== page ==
HER2 positive breast cancer survivor gains new perspective
Over the last few years, I’ve learned a lot about what makes MD AndersonNo. 1 in the nation for cancer care. As a quality and compliance coordinator in the diagnostic labs here, my job is to make sure all the labs in the hospital are inspected and running safely. Our laboratories provide the diagnostic backbone for patients at MD Anderson.
When I noticed pain in my sternum that extended to my right breast, I thought I had pulled a muscle while working out. It was time for my annual mammogram, so I decided to have it checked then.
A week after my May 2021 mammogram, my doctor asked me to return for additional images. I also had two biopsies performed – one on a lymph node next to my sternum and the other in a mass on my right breast.
I found out on June 8 that I had HER2 positive breast cancer. As scared as I was, I’ll never forget one of my nurses telling me: “Don’t worry: 20 years ago, we didn’t know what to do with this, but now we do.”
I could not believe how fast MD Anderson moved to start my treatment. Within a week of my diagnosis, I had my first appointment. My care team decided that I needed six rounds of chemotherapy followed by a lumpectomy to remove the mass, and then six weeks of a type of radiation therapy called volumetric modulated arc therapy (VMAT) treatment.
Managing side effects of breast cancer treatment
I began chemotherapy on July 2. I started losing my hair pretty quickly after that. I remember shaving my head right away, which was a beautiful experience. I did not like the taste of bread, certain meats and fried foods during treatment. I also did not like the taste of water, so I didn’t drink very often.
Watermelon and lemons became two things I loved most throughout treatment. Lemons helped with nausea, and watermelon kept me hydrated.
I had bone pain from the pegfilgrastim injections I received after each round of chemotherapy. This drug helps the bone marrow produce white blood cells to fight infections. The pain made walking difficult for a few days after each treatment. As my treatments progressed, I felt fatigued and was often out of breath when I walked at work. On those days, I would work from home. My team gave me extra support.
My compassionate care team
I underwent a port placement surgery under the care of Ervin Brown, M.D. He always greeted me with smiles and great jokes. One of Dr. Brown’s special qualities is his ability to make patients feel like family. I learned Dr. Brown loves to sing during his surgical procedures. Since I wear hearing aids, I could not hear during the procedure, so Dr. Brown emailed me the songs he sang.
When I was admitted into the hospital, the first thing I noticed was the care and compassion of breast medical oncologist Carlos Barcenas, M.D. He is a great listener and truly heard what I was saying and not saying. He made sure that my caregiver understood what to do, which put us both at ease.
I was nervous about the lumpectomy to remove the tumor in my breast and lymph nodes. But at my pre-op appointment on Nov. 15, breast surgeon Nina Tamirisa, M.D., came in ready to listen. She settled all of my fears. She explained the procedure in a language I could understand. Plastic surgeon Alexander Mericli, M.D., performed my breast reconstruction. He was outstanding. Dr. Mericli made sure I was comfortable with the modifications and included the changes I wanted to see. Nearly a year later, I have minimal scarring and feel happy with the results.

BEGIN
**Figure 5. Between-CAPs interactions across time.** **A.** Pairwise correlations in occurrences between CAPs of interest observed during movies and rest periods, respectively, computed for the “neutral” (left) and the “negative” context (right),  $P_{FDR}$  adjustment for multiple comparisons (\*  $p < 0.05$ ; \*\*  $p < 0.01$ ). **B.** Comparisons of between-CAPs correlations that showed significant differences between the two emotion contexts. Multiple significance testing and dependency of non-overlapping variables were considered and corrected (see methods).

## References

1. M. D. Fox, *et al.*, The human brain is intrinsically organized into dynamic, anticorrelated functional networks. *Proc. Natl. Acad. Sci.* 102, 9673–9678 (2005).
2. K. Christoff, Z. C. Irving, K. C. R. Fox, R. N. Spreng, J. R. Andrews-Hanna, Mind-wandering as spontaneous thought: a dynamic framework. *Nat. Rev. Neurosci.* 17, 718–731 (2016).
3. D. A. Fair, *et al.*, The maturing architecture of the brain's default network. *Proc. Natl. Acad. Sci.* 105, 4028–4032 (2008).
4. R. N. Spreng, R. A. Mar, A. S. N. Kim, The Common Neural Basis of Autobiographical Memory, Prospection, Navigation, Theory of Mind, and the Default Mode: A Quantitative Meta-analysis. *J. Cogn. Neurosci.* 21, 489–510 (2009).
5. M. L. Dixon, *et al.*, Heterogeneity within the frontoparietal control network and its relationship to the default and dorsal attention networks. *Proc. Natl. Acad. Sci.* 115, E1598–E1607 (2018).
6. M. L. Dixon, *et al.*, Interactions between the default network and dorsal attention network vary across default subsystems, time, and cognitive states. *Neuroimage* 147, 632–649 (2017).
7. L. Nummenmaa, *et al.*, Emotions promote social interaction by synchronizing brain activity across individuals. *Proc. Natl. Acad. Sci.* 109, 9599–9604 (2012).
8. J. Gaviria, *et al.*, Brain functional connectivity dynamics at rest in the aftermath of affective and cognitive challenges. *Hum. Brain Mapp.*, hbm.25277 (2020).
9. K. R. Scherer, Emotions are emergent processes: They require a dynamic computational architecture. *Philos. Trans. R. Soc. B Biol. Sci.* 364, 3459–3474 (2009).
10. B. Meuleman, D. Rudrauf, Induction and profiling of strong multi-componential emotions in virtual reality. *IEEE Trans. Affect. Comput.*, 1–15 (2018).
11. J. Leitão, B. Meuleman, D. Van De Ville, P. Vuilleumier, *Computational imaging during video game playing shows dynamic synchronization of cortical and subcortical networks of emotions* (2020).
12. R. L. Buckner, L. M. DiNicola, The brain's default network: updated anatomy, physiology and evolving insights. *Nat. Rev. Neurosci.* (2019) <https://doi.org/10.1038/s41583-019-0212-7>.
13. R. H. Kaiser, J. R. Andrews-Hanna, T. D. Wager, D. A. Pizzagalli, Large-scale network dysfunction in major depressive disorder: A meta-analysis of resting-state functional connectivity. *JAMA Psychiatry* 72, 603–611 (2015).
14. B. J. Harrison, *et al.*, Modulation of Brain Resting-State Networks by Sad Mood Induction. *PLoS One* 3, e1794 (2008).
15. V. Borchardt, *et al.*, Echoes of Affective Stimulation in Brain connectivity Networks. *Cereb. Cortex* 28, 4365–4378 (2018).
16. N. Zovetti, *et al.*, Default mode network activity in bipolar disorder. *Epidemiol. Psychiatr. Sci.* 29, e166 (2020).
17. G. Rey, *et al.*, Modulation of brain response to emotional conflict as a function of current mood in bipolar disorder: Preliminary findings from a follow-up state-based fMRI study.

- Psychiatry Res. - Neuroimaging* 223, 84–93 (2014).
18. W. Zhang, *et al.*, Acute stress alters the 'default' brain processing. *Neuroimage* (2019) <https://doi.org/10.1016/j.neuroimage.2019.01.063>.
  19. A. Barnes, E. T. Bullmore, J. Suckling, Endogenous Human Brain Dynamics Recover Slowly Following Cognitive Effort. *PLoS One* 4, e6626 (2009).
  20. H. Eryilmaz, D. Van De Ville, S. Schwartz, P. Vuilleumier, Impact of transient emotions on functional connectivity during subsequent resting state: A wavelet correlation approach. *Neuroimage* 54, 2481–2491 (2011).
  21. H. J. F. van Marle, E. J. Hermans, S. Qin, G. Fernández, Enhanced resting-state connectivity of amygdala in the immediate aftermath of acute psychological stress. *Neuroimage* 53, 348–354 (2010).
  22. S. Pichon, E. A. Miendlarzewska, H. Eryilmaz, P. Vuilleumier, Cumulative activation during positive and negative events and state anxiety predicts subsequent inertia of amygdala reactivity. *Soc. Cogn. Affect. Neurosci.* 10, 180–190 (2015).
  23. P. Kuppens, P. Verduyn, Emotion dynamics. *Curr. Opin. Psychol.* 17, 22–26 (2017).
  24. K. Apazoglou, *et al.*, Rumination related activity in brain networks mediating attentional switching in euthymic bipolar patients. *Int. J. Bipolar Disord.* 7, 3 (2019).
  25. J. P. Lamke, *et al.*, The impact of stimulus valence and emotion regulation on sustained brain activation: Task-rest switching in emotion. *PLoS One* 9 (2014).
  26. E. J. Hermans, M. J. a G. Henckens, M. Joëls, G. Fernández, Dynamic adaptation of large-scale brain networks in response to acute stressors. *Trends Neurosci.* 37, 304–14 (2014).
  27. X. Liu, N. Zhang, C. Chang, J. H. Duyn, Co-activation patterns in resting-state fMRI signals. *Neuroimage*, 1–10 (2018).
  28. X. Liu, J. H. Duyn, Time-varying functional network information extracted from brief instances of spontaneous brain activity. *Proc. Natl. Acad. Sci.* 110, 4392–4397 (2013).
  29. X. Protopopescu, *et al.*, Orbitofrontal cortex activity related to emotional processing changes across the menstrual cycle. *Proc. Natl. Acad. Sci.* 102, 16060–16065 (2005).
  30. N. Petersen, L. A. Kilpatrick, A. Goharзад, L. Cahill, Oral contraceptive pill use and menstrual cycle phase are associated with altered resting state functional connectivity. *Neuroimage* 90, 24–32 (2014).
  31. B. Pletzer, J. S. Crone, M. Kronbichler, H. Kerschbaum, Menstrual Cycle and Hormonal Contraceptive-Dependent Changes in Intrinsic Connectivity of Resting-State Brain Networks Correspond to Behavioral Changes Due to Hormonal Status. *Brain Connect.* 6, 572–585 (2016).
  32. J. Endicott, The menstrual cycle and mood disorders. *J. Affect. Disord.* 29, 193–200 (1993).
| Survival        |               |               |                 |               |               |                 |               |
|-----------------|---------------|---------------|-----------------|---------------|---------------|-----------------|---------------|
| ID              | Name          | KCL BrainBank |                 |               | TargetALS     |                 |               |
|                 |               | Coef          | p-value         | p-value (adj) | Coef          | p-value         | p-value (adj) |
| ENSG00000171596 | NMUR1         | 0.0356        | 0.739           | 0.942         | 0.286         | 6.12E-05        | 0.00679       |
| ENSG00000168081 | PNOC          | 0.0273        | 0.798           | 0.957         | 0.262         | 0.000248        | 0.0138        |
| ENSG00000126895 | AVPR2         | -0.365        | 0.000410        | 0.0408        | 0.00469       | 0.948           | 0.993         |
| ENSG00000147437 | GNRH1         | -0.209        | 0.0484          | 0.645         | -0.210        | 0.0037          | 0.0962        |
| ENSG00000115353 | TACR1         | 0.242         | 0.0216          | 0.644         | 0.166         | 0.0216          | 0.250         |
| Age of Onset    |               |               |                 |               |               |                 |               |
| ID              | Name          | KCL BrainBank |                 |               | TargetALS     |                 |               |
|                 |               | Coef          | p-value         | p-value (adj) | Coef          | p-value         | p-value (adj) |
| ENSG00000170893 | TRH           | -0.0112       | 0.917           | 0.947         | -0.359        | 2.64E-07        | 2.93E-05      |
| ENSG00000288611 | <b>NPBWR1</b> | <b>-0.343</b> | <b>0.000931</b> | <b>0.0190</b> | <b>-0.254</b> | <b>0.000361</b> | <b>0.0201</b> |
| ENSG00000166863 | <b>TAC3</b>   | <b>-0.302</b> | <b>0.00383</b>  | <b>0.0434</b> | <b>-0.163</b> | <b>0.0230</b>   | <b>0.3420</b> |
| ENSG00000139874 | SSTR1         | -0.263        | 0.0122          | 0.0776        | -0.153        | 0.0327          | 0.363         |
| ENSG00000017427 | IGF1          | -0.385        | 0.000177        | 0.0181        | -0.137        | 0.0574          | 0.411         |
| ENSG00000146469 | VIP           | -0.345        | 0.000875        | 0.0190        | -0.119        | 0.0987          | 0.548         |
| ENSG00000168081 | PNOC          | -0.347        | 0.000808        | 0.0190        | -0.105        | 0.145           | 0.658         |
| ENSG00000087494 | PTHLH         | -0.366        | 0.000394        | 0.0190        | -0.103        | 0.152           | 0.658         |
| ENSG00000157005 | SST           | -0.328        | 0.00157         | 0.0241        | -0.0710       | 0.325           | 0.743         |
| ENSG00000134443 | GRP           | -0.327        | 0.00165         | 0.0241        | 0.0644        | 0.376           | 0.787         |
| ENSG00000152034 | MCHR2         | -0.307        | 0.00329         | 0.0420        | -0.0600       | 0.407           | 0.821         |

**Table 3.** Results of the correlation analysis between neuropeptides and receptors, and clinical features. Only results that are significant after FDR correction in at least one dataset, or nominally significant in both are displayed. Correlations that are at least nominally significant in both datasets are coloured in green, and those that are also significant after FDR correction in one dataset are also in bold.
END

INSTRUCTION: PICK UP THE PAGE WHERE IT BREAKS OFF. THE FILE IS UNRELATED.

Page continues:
VMAT helped minimize radiation’s impact on my skin pigment
This past January, after completing chemotherapy and surgery, I started six weeks of VMAT radiation treatment under the care of radiation oncologist Benjamin Smith, M.D. He chose VMAT treatment because I have darker skin pigmentation, and this type of radiation causes fewer effects on the skin.
Radiated skin becomes darker with each session and can sometimes become permanent. But with VMAT, the skin is more likely to return to its normal skin tone.
Dr. Smith was always interested in knowing how I felt and took the time to answer all my questions.
Finding ways to ease cancer challenges
I didn’t choose to have cancer or to need breast reconstruction surgery. But the experience changed me in so many ways.
I was doing a great job processing all I was going through, but acceptance was another story. I sought help from MD Anderson clinical psychologist Sujin Ann-Yi, Ph.D., who helped me accept my condition. She let me know it was OK to be angry, but she would not let me sit in that space for long. Dr. Ann-Yi was especially helpful after my breast surgery. She helped me accept my new breast configurations and find ways to be comfortable with my new identity.
No one expects to get a cancer diagnosis, but when it happens, you need caring and support from those around you. As an employee, I saw my colleagues living MD Anderson’s core values of Caring and Integrity. My coworkers assisted me when times were hard, and because of that, I did not miss too many days of work.
I completed treatment on June 24, 2022. I will continue to be monitored closely for the next five years and then transition to surveillance care at the MD Anderson breast cancer survivorship clinic. I’m focused on staying positive in hopes that I remain cancer-free.
What you’re feeling is OK
After facing cancer, I now encourage other patients to remain open to change. From hair loss to weight loss to personal relationships being affected, keep an open mind. Keep your heart open. Feel what you are feeling – it is OK. Remembering to stay positive and present in the moment got me through cancer.
Talk to others going through the same thing. Let people in, because cancer can feel isolating. Place trust in your medical team to do their very best in your care.